It’s not clear what exactly a Mayor can do about Item Four. At the very least, one would need to have a conversation with the Harris County District Attorney, the various criminal court judges, and possibly the Legislature to make this happen. I favor the idea, but as always, it’s a question of how Hall plans to achieve it. One thing the Mayor could do is direct HPD to issue citations instead of arresting traffic violators and low level drug offenders, as that would help keep the jails from getting too crowded and would allow the cops to stay on the streets more instead of spending hours hauling these non-violent and mostly non-scary people downtown and processing them. Unlike some of these other issues, no one was proposing that back in 2009, and it would likely cause a fair amount of pushback from HPD, which would require spending some political capital to implement it.
Finally, on Item 5, a similar proposal was offered as an amendment to this year’s city budget. The amendment, made by CM Larry Green and backed by CM C.O. Bradford, was to allocate $3 million for a summer jobs program for youth. That’s not exactly the same thing, but it has the same goal.
That also highlights a point that is implicit in these proposals but is otherwise unmentioned, and that’s that most of them will cost money. Upgrading communications equipment costs money. So do surveillance cameras. Houston bought some of the latter with federal Homeland Security grants, and I believe they got some grants for the former as well, but those grants may be harder to come by in this day and age of sequestration and general Republican nihilism. (Good luck calling on either of our Senators to do some budget mojo on our behalf.) Public safety is already the single biggest piece of the budget, and hiring more officers would add to that. I generally support most of Hall’s proposals, and in the case of those that have been around for a few years I’ve supported them all along, but each of these things starts with the question of how Hall, or any Mayor, would pay for them. Not to keep beating a dead horse, but this is why the details matter. Having worthwhile goals is nice. Having worthwhile goals and a clear path to achieving them is necessary. We can’t properly evaluate Hall’s plan without knowing his plan to fund it.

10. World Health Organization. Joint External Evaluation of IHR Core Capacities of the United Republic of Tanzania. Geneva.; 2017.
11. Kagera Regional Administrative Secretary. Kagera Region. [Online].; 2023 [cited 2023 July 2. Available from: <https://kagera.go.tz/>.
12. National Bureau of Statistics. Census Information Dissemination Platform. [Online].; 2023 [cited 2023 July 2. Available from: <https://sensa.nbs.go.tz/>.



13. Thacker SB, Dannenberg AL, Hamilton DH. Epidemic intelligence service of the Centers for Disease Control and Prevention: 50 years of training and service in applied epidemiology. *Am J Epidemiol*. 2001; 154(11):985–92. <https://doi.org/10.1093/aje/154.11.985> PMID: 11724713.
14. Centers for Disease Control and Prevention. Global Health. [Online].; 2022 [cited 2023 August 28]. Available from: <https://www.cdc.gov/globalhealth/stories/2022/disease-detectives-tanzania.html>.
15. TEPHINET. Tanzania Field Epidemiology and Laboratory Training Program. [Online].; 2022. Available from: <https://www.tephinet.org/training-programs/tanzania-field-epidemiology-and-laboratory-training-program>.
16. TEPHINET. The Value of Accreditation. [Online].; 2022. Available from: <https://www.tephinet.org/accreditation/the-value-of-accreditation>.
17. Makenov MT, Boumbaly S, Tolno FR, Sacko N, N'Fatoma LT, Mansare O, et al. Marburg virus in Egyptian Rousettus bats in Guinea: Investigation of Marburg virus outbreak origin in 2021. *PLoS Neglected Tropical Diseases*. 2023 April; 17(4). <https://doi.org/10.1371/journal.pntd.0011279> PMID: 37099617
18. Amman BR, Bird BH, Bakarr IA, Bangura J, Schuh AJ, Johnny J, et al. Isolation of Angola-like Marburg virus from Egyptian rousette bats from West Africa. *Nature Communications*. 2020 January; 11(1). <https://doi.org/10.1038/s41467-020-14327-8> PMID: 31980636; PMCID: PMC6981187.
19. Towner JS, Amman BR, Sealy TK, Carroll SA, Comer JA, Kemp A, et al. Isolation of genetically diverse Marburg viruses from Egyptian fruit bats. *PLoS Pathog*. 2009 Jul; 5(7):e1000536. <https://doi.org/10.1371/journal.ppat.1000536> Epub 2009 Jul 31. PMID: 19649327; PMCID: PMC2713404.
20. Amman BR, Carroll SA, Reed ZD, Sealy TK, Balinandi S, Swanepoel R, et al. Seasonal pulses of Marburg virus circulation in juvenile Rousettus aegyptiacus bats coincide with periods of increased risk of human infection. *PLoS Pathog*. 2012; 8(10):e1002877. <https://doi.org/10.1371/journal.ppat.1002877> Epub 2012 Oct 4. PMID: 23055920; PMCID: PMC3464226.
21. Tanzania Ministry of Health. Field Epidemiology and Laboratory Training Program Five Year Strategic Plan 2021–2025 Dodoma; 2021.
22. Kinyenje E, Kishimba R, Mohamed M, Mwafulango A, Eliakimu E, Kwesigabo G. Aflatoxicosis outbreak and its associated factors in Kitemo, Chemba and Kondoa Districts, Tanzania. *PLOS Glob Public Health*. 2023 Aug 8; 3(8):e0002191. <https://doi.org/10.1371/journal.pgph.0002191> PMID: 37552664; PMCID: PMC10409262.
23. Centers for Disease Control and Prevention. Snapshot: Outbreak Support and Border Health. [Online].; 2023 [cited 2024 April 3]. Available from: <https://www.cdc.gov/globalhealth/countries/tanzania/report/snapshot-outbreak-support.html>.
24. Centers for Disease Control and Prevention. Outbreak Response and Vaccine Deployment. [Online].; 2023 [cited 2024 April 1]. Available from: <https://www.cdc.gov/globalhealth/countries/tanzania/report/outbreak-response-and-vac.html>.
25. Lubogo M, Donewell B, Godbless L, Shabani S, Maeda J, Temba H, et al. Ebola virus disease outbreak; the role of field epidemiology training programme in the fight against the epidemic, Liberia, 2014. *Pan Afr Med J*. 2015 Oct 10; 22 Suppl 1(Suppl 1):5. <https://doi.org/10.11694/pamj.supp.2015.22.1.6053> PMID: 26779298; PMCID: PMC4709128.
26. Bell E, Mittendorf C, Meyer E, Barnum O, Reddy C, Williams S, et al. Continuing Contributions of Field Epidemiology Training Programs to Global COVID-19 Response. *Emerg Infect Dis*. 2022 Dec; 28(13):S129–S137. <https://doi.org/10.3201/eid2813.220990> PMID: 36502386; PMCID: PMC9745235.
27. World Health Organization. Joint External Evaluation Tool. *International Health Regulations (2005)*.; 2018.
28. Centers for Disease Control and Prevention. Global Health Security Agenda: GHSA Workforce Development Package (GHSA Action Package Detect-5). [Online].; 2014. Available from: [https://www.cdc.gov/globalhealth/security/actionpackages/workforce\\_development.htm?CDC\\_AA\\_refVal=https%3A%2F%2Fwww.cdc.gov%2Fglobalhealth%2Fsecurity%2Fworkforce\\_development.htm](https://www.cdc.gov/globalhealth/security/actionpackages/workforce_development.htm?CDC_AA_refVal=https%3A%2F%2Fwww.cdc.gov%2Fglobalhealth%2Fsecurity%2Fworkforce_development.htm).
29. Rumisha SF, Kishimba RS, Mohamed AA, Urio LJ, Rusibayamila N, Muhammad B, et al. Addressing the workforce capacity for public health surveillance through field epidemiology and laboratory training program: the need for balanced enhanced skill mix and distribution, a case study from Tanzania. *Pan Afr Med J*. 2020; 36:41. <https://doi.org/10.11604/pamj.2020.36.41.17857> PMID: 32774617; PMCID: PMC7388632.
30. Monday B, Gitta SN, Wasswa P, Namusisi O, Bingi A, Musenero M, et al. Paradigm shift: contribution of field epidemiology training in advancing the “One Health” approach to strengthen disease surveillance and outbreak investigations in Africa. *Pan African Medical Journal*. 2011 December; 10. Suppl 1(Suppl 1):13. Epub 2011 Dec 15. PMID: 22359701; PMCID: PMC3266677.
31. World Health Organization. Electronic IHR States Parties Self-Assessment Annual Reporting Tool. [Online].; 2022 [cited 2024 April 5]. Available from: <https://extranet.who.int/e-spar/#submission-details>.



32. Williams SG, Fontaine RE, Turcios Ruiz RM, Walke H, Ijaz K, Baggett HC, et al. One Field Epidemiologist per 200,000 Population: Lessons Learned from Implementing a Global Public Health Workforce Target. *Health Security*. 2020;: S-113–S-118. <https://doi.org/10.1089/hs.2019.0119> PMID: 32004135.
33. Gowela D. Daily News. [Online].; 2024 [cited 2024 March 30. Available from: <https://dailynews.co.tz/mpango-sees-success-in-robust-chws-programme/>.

UPDATE: Here’s the Chron story, which includes a point I hadn’t considered.
As for Hall’s plan to have inmates work off their sentences instead of sitting in their cells, Parker campaign spokeswoman Sue Davis said city inmates stay an average of 24 hours before being released or transferred to the county lockup, making it impractical to put them to work.
Hall said it is the same taxpayers footing the bill, regardless of the jail. He said he is interested in finding a way to put county or city inmates to work on behalf of the public.
“While we’d always want to work with the city to maximize that resource, there’s not a lot of room for expansion,” said Alan Bernstein, spokesman for Sheriff Adrian Garcia, who runs the county jail.
All low-level, nonviolent county jail inmates willing and eligible to participate in outside work already do so, Bernstein said. As of Monday, 196 inmates were approved for outside work, performing graffiti abatement, tree planting and beautification along bayous and other public rights of way, Bernstein said. That number is difficult to increase because more inmates – 793, on Monday – are needed inside the jail for chores the county otherwise would have to pay for, he said.
I was thinking about the legalities of the proposal, but the practicalities need to be considered as well.